Being a Contracting Officer may be the most thankless job in government. Let’s just say it, it IS the most thankless job, period.
Unfortunately, the government acquisition personnel are often overworked and understaffed. Earlier this year, Peter Orzag, the former OMB Director, stated that while there is more than $500 billion in federal contracts, and while those contracts have doubled in size over the past eight to nine years, the acquisition workforce has generally remained constant. So there is an ever-increasing workload; responsibility for billions of dollars in purchases from sophisticated and highly aggressive commercial vendors across a staggering variety of industries; compensation far below private sector peers; constant scrutiny by their agency personnel, auditors, and Inspectors General; regular second-guessing or simple overruling by senior management; mocking by congressional representatives and senators as incompetent – what’s not to like?
But wait . . . there’s more. The thanklessness of being a Contracting Officer is further highlighted by the erosion of independence definitively described in “The Incredible Shrinking Contracting Officer” by John S. Pachter in the Public Contract Law Journal, Vo. 39, No. 4 Summer 2010. Every government acquisition professional should read this piece – and be prepared to be depressed. (It’s not pretty reading for the contractor community either.) And we haven’t even talked about the emerging and disturbing trend toward OIG investigations of Contracting Officers when an auditor cannot locate the acquisition file, even though the contract file may be a decade old and may have been transferred to other procurement personnel.
We are not addressing the “nonprofessionals” we have encountered who have never read the $400 million contract they administered for 10 years; nor are we talking to those who have made no attempt to understand what they are signing, leaving the rest of us to clean up the resulting messes years in the future. They are a lost cause. We are talking about the “professionals” – people intent on doing a professional job, with all the authority, few of the proper tools, and a whole lot of negative reinforcement. No wonder so many talented professionals forthrightly head to private industry at the first opportunity.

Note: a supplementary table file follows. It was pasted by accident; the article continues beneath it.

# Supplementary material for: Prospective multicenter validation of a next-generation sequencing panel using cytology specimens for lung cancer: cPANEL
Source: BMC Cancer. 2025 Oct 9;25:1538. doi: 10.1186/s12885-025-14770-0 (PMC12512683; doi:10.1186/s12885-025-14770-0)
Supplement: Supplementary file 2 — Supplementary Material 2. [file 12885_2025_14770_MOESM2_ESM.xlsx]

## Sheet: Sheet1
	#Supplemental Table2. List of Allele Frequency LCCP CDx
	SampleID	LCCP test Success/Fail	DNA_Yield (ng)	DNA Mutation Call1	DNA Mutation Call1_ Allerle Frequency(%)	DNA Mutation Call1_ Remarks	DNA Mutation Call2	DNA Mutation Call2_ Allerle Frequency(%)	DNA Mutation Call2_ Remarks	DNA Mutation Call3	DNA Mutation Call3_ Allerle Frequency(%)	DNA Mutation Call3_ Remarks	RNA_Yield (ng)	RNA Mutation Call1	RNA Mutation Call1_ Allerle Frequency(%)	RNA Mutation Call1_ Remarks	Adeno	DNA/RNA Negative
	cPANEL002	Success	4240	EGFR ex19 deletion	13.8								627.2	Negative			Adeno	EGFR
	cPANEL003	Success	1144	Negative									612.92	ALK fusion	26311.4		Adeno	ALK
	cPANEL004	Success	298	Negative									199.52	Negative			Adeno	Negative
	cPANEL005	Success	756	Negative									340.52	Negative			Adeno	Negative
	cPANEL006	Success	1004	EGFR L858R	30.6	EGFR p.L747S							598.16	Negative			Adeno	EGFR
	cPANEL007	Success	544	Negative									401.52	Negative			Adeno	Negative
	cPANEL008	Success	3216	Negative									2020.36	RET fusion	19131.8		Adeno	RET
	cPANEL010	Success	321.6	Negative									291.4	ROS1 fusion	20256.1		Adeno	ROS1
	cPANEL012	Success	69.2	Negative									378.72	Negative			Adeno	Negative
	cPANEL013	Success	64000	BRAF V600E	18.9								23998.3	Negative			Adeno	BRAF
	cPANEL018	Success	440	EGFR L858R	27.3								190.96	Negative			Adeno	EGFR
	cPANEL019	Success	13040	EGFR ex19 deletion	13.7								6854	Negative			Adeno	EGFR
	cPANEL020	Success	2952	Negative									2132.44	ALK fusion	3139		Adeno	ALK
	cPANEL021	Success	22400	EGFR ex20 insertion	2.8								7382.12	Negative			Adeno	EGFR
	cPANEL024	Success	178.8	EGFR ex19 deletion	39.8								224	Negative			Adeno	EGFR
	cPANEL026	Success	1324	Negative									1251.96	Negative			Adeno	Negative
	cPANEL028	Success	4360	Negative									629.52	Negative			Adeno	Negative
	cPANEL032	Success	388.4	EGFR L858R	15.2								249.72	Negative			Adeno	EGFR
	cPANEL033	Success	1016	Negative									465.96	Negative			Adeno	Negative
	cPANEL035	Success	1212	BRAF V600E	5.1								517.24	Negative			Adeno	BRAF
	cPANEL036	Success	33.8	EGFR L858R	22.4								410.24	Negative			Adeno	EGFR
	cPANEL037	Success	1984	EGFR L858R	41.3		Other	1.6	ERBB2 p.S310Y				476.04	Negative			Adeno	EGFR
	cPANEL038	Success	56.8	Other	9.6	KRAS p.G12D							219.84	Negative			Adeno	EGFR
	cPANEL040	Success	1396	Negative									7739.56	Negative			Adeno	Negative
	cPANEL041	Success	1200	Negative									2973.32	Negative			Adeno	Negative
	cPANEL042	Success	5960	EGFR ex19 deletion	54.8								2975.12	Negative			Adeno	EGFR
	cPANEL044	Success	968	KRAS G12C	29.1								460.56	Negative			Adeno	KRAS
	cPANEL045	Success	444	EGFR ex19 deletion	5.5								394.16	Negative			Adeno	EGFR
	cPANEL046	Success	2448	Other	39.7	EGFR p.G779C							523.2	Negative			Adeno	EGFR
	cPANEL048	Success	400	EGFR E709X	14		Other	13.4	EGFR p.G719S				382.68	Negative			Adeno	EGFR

But the simple fact is that those of us in the private sector who work with Contracting Officers share the challenges they face. It does us no good to abuse the pressure or lack of resources to strike a tough deal or ram through a poorly crafted contract. Both sides will address the consequences at some point in the future, and the government has unlimited money, time, and lawyers. This challenge has only one professional and productive response, a response that furthers private industry and the taxpayers’ interests: Support Contracting Offices and their fellow acquisition professionals in their work.
It isn’t rocket science, people. It’s the basics. Make sure your Contracting Officer understands what you are selling and how you sell it. Don’t hide the ball. When in doubt disclose – disclose in writing. Document everything and keep the documents for at least the term of the audit-rights under the contract. Make sure the contract is clearly written, reflects the business deal, makes sense in your industry, and includes all the relevant documents. Read what you sign before you sign it. Read it again. Explain it to someone else. Then sign it. And save a copy of the awarded contract and all pertinent correspondence.
Where and when ethically permitted, get to know your key acquisition professionals. Understand their workloads and priorities. Understand the outside pressures they have to deal with, whether meddling management, hyper-aggressive auditors, or the wonderful benefits of congressional oversight. Make sure they understand not only your workload and priorities, but also your industry and issues. Go to their industry days and make sure they have other ethically appropriate but effective means to how your business sector works.
Contracting Officers’ roles will likely remain a frustrating mix of critical importance, limited support, and lots of intervention by third parties. Private industry has no choice but to do a better job on its end of supporting Contracting Officers in creating reasonable, defensible contracts. So yes, we end with this plea – Support your Contracting Officer.